Somalia’s Jubbaland state polls agency has yielded to international pressure, allowing more room for other candidates to register in an election that was threatening to divide the federal region.
The Jubbaland Independent Electoral and Boundaries Commission said in a statement, it was giving a conditional 72 hours from Saturday for anyone interested in the race to file their papers.
It, however, retained its tough conditions for entrants, including payment of $30,000 for men and $15,000 for women, proof of leadership experience and that the applicant must not be a dual national, among other conditions.
The election is scheduled for next Thursday.
PROTECTING PEACE AND STABILITY
Dr Hamza Abdi Barre, the JIEBC Chairperson, said the move followed discussions with the international community on the implications of leaving out candidates whose participation would make the polls credible.
“Taking the current peace and stability enjoyed into consideration…the JIEBC decided to officially re-open the registration of the presidential aspirants for three days,” he said in a letter on Friday evening.
The decision to allow more candidates means the final contenders could increase from the current six, especially since a dozen more politicians had protested alleged bias from the JIEBC and formed a parallel electoral commission.
The JIEBC had initially ended registration on July 26, 2019.
Under the old list, incumbent Sheikh Islam Ahmed ‘Madobe’ was to compete against Mohamed Omar Gedi, Mohamed Abdille Magan, Anab Mohamed Dahir, Abdi Hiis Udan, Ahmed Abdi and Abdirahman Ahmed Rabi.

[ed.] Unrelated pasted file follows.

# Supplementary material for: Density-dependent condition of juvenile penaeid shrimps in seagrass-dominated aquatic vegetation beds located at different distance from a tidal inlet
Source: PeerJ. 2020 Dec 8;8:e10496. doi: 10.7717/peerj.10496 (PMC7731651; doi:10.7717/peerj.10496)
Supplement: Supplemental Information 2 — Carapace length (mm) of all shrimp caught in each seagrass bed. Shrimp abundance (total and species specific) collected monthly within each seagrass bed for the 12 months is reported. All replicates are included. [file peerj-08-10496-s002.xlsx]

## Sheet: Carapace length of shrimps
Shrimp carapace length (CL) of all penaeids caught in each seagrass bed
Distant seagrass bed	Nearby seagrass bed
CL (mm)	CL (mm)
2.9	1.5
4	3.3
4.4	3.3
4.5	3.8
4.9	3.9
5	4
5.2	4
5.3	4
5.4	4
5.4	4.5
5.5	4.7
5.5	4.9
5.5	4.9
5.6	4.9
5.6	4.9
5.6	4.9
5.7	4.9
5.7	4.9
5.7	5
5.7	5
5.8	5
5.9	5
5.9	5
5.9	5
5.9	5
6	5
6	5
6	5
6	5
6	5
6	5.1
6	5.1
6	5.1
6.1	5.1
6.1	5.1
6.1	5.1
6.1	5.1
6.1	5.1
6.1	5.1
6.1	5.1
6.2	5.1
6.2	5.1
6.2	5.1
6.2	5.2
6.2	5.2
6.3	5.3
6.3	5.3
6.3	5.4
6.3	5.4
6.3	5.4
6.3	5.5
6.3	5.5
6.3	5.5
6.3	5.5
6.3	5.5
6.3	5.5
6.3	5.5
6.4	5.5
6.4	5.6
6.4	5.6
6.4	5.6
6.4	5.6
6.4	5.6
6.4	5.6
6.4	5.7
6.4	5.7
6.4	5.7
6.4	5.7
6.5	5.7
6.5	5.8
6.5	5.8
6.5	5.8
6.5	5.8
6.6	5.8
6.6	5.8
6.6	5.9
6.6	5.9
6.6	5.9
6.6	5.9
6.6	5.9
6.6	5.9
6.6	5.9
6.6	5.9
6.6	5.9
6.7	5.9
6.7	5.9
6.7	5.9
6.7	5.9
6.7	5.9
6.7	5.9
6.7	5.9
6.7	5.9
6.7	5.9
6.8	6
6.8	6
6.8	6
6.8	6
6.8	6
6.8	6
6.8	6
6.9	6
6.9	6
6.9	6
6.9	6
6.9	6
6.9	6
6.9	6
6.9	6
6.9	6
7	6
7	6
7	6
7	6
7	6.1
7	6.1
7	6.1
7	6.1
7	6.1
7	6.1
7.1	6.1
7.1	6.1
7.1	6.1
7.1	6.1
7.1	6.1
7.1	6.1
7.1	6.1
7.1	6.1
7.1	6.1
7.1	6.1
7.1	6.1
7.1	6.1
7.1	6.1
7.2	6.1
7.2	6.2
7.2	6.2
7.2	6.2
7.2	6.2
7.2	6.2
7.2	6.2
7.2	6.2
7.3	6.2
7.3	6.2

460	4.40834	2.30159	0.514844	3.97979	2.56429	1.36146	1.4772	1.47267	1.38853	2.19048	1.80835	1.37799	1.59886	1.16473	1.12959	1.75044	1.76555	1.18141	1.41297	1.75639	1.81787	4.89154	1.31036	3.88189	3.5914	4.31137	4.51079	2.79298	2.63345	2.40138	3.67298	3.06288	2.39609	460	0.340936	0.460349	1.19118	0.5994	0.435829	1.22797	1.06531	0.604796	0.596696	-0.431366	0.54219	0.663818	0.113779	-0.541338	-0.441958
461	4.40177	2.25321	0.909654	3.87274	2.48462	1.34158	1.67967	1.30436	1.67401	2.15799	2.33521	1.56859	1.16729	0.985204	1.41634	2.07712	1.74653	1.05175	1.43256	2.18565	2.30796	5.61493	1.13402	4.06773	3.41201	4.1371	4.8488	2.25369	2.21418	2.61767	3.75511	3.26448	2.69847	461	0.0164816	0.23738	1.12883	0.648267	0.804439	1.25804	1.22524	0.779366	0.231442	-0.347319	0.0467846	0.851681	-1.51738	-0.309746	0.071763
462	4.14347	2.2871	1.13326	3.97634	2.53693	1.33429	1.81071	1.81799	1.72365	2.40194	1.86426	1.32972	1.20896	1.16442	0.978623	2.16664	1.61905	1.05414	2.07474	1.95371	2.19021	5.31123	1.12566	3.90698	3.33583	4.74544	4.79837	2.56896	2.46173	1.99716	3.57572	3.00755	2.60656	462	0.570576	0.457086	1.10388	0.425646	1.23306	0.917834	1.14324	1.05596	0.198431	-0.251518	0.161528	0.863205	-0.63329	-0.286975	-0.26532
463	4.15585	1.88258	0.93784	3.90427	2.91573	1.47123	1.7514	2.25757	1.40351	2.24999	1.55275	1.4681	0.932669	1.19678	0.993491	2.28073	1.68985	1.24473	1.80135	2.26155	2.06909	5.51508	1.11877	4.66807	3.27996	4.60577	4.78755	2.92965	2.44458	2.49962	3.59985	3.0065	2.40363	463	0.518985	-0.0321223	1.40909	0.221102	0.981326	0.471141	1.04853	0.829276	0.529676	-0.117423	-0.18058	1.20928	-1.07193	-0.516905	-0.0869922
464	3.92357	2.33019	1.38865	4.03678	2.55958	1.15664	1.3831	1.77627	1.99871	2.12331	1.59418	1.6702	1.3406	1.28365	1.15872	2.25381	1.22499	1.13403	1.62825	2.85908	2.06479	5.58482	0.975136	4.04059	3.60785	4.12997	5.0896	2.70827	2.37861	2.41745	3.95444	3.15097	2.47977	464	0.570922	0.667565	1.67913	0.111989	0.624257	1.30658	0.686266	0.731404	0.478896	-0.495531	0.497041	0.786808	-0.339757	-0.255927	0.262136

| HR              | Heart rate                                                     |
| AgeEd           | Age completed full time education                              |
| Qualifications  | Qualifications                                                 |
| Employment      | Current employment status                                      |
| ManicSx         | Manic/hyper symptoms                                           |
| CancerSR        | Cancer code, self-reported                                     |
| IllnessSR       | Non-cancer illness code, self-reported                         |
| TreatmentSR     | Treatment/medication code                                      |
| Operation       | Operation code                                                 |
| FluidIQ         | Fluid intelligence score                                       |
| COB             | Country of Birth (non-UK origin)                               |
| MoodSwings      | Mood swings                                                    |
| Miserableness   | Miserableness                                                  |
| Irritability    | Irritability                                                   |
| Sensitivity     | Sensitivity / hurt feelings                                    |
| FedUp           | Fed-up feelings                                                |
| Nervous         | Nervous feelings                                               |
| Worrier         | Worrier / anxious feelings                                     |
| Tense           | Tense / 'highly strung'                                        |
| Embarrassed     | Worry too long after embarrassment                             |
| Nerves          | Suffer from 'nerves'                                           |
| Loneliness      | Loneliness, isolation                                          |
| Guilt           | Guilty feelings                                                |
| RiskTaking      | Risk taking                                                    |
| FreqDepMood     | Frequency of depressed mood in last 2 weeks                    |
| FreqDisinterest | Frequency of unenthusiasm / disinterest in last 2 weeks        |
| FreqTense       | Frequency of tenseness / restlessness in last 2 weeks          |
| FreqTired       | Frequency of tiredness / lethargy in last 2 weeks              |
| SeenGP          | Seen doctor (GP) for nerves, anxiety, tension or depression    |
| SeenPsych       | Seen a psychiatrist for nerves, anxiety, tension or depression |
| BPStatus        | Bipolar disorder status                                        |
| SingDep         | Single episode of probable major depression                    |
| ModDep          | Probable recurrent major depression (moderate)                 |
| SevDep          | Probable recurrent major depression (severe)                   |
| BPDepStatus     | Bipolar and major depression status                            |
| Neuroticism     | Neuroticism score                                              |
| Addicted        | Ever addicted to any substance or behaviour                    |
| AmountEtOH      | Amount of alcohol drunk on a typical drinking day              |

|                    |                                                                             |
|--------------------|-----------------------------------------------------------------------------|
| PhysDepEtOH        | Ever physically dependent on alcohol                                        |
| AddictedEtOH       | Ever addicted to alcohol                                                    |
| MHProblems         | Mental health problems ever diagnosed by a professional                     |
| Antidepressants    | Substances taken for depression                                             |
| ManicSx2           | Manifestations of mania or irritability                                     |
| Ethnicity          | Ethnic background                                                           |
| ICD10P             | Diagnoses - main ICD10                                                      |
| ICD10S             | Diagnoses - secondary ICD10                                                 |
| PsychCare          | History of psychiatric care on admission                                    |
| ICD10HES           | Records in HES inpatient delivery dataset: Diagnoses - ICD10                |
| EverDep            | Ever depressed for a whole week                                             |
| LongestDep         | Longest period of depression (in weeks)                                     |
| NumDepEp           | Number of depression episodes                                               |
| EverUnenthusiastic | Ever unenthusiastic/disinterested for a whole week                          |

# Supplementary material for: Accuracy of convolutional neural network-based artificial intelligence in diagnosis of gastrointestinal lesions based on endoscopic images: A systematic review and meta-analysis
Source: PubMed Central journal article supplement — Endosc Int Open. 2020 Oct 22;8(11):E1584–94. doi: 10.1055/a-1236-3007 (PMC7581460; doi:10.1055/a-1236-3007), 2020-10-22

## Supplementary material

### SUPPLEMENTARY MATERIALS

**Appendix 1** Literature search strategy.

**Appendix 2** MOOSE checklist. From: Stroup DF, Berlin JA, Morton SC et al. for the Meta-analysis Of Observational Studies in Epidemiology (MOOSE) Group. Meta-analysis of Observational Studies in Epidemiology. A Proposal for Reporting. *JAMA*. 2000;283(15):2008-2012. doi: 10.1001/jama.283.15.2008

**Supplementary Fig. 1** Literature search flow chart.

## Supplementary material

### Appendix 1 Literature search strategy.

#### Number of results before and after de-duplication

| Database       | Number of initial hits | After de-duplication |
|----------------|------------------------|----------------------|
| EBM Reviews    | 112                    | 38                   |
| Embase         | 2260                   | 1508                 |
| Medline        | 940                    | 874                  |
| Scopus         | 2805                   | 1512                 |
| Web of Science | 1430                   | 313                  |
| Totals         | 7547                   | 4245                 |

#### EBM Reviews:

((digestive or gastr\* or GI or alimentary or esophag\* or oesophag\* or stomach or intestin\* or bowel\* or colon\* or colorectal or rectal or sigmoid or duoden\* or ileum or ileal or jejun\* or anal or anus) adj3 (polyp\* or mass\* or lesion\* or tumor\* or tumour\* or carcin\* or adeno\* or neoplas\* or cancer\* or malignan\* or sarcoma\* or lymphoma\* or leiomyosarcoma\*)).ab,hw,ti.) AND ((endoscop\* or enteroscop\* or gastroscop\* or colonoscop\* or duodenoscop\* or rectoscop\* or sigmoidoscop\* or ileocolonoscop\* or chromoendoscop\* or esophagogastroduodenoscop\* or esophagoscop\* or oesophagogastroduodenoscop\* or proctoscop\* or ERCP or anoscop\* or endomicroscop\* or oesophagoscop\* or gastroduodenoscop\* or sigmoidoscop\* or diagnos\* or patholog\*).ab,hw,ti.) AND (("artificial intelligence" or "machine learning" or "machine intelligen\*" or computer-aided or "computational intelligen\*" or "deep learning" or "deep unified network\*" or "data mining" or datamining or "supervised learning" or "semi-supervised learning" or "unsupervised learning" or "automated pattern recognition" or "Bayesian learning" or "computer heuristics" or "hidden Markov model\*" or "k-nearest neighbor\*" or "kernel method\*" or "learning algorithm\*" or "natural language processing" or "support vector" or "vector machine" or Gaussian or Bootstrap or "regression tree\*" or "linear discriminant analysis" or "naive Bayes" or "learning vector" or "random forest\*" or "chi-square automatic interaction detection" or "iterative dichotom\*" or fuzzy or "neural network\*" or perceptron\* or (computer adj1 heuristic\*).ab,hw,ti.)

All the seven had agreed to compete under the legal JIEBC, which Madobe created under local laws as the holder of the presidency.
Other contenders were locked out of the race by the JIEBC over what the Commission termed as late submission of papers, and failure to meet other qualifications. These contenders created a parallel electoral commission, despite condemnation from the international community.
They are known as the Union of Jubbaland Presidential Candidates for Change and include Dr Mohamed Ibrahim Shakuul, Mr Abdulkadir Ali Sharray, Salah Ahmed Hussein, Mr Adam Afey Mahmoud, Mr Abdi Osman Esse and Abdalla Ibrahim Afwaranle.
Others are Abdirahman M Jibril, Dr Mohamed Yusuf Aw Dahir, Ali Jamaa Hussein, Mohamed Ali Yusuf, Sayid Saahid Sayid and Dr Mohamed Yusuf Duale.
Madobe’s former ally in the Ras Kamboni Brigade Abdinasir Seraar, also accused JIEBC of bias. However, it was not clear if he had joined the alternative commission. JIEBC did not list him among the candidates.
It wasn’t clear whether those who formed the alternative commission would now accept to enrol as candidates under JIEBC.
But James Swan, the UN Secretary-General’s Special Representative to Somalia who had led a delegation of the African Union and IGAD, called for one credible process.
He said that would be the surest way to avoid violence in an area where militants al-Shabaab still roam.
Mr Swan warned that issues surrounding who takes part, “if unresolved, could have a destabilising effect on Jubbaland, at a time when preserving unity and stability is of vital importance.”
On Saturday, the JIEBC, which insists it is the only legal entity for running elections, conducted the election of the local Speaker. Abdi Mohamed retained his seat after getting 55 votes against his opponent Hussein Shinow’s 18.
The speaker will be in charge of the vote for the presidency next Thursday.
Mr Adan Khalif and Mr Abdi Baley were also elected as the first and second Deputy Speakers. The three will serve for the next four years.
Under the rules of elections, the local MPs will elect the President next Thursday through a secret ballot, overseen by the JIEBC.